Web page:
In light of these and other changes, attributing specific effects to the dam failure and its interminable rehabilitation probably isn’t possible. Which isn’t to say there haven’t been any, even if they can’t be isolated right now. After all, trout-related ecosystems thrive on cold water. And what we do know for certain is that the dam failure has meant more warmer water in the river. This clearly has had negative effects on the fishing during the heat of recent summers. Hot days shorten the windows of fish and insect activity. Fish are not as apt to rise, affecting the river’s famed dry fly fishing. Larger trout feed and fight more lethargically, and endure more stress. Anglers concentrate in the cooler water of the upper river, making the experience more crowded for all and less aesthetically pleasing for many. And the longterm effects of increased angling pressure on upriver trout populations are simply unknown.
That it has taken so long to repair the dam has given both PPL Montana (the dam owner until 2014) and Northwestern Energy (current owner) a sordid reputation among the fishing and river communities. Lacking engineering knowledge, I’ll leave it to others to debate how much actual foot-dragging has taken place, but I can say with certainty that neither company has done themselves any favors with their consistently substandard communications to the public, and the meager regard they’ve displayed time and again for this world-class and world-renowned fishery.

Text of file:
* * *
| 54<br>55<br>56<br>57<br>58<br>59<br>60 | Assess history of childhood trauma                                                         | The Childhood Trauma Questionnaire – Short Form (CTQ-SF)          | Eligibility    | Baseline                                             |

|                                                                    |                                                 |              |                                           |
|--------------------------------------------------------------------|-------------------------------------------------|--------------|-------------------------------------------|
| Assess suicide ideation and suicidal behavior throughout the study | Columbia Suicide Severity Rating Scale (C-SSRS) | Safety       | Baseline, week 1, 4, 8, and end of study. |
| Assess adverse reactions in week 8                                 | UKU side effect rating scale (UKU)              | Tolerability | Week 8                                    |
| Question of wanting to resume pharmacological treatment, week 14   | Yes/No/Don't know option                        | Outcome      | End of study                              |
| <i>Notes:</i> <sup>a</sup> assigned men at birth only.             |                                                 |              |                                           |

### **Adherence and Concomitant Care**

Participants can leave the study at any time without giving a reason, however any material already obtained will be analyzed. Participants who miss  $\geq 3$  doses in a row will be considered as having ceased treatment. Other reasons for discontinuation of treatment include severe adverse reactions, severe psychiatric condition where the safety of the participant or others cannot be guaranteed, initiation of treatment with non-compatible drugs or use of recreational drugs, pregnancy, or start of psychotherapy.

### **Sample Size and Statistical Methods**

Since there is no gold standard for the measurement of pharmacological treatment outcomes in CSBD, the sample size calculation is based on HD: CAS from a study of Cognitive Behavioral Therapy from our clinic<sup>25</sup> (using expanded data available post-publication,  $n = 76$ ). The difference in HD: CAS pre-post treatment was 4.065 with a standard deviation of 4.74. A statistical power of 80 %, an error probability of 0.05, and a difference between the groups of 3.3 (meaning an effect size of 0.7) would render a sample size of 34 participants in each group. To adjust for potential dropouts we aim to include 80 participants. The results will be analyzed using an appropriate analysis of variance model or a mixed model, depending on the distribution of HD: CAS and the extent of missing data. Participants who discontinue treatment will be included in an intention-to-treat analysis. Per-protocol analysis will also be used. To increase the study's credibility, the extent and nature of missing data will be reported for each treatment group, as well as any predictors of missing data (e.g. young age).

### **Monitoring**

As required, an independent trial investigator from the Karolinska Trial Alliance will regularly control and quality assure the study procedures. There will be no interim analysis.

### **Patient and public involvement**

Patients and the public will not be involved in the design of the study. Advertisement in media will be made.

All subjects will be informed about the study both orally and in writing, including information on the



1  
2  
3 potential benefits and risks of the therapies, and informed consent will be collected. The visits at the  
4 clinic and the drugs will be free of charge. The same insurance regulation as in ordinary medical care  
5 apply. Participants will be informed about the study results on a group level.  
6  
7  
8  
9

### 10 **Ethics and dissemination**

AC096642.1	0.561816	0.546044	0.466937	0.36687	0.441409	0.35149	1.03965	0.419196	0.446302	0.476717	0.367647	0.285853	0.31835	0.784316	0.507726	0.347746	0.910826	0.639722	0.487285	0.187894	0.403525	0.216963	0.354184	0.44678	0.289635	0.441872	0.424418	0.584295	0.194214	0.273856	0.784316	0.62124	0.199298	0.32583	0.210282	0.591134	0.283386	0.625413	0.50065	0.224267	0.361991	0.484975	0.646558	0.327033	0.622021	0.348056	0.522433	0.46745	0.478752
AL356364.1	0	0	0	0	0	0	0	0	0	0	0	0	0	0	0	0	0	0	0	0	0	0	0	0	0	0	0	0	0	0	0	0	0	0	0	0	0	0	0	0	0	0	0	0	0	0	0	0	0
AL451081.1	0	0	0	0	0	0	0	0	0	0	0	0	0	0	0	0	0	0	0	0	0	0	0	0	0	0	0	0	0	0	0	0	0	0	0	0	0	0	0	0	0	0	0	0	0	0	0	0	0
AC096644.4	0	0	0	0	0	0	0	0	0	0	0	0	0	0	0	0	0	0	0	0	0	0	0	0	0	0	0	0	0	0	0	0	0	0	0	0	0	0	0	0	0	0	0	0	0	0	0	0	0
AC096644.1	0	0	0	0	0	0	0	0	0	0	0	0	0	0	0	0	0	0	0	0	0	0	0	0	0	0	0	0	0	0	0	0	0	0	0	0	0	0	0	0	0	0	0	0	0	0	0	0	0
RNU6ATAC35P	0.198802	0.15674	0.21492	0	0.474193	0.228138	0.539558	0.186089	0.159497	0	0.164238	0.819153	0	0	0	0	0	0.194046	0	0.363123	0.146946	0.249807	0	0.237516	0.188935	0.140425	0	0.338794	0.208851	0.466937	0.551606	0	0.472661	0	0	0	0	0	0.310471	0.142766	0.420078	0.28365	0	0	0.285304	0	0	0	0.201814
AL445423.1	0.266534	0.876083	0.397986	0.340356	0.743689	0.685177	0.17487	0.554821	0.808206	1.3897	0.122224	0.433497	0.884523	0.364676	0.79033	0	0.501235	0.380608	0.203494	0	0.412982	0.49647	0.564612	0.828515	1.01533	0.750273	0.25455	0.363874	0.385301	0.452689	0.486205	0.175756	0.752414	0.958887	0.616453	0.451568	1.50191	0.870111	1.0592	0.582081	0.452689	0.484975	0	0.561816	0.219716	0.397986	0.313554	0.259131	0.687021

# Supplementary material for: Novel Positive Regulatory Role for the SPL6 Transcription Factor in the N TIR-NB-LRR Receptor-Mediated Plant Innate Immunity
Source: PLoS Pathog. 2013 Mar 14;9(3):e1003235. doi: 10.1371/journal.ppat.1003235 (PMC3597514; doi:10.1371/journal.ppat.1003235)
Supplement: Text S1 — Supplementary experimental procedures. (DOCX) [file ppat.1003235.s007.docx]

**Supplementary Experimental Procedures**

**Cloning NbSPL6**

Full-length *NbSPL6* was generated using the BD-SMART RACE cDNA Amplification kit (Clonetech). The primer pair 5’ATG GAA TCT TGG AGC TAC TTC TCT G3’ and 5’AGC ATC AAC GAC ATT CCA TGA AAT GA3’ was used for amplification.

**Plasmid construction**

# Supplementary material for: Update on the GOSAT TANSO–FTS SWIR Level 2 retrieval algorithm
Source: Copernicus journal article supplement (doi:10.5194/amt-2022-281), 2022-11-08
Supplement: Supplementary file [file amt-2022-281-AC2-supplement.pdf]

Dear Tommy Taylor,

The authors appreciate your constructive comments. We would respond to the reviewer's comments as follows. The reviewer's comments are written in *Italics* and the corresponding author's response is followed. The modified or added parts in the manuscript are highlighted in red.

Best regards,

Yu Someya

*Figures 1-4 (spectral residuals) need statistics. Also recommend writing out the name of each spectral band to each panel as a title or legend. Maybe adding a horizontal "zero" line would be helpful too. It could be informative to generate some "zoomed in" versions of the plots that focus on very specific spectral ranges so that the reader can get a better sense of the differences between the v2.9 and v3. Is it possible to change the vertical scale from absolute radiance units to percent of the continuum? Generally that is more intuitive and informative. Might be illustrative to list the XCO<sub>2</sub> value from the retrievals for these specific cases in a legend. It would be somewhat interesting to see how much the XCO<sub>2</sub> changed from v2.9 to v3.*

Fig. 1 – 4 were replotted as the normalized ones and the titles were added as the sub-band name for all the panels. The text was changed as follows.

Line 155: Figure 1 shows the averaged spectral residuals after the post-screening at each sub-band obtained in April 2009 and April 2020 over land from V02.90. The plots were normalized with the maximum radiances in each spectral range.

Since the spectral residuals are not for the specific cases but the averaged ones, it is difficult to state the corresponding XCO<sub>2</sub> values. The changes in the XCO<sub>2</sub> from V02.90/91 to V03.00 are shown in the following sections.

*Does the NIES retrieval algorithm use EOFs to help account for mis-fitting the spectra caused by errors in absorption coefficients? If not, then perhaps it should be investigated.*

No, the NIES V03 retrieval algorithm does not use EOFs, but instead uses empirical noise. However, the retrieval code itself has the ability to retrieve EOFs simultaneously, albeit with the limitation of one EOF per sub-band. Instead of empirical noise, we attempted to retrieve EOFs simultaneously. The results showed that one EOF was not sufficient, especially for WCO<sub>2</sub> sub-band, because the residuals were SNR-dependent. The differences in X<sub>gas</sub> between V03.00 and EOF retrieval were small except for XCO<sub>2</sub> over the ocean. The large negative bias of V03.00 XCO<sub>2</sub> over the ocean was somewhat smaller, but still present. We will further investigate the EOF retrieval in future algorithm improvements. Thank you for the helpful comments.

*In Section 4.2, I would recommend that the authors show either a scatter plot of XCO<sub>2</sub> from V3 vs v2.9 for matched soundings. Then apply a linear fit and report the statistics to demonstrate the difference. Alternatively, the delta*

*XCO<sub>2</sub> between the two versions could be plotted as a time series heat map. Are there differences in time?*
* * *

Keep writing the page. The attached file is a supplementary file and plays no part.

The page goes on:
Can the Madison dodge yet another summer of warm water flows? It’s proven a resilient river so far, and I’d like to think it can. But it’s dodged plenty of bullets already over the past seven years, and it seems unfair to ask it to skirt even more. Demanding that Northwestern Energy complete its relining project at a time of year less disruptive than mid-summer is the least we can do for the river. The Madison needs and deserves that show of respect.
Let’s hope the folks in charge come to think the same.
Photo couresty of John Juracek
The Zebra Shop Vac combines attributes of several of our most productive Madison flies: the original Shop Vac and the Zebra Midge. Midges abound in the Madison and other local rivers, and are a constant food source for trout every single day of the year. This serendipity-style fly can be counted on to produce fish consistently during any season, and is a staple in many of our guides' fly boxes all year long. On top of that, it is simple and quick to tie, and uses inexpensive materials. We typically tie it with a brass bead, but if you find yourself fishing in heavier currents, don't be afraid to tie a few with tungsten beads to make sure they get down. We most commonly fish them in size 14 and 16, but they are equally effective in smaller sizes to match smaller insects. Be sure to give one a try on your next fishing adventure!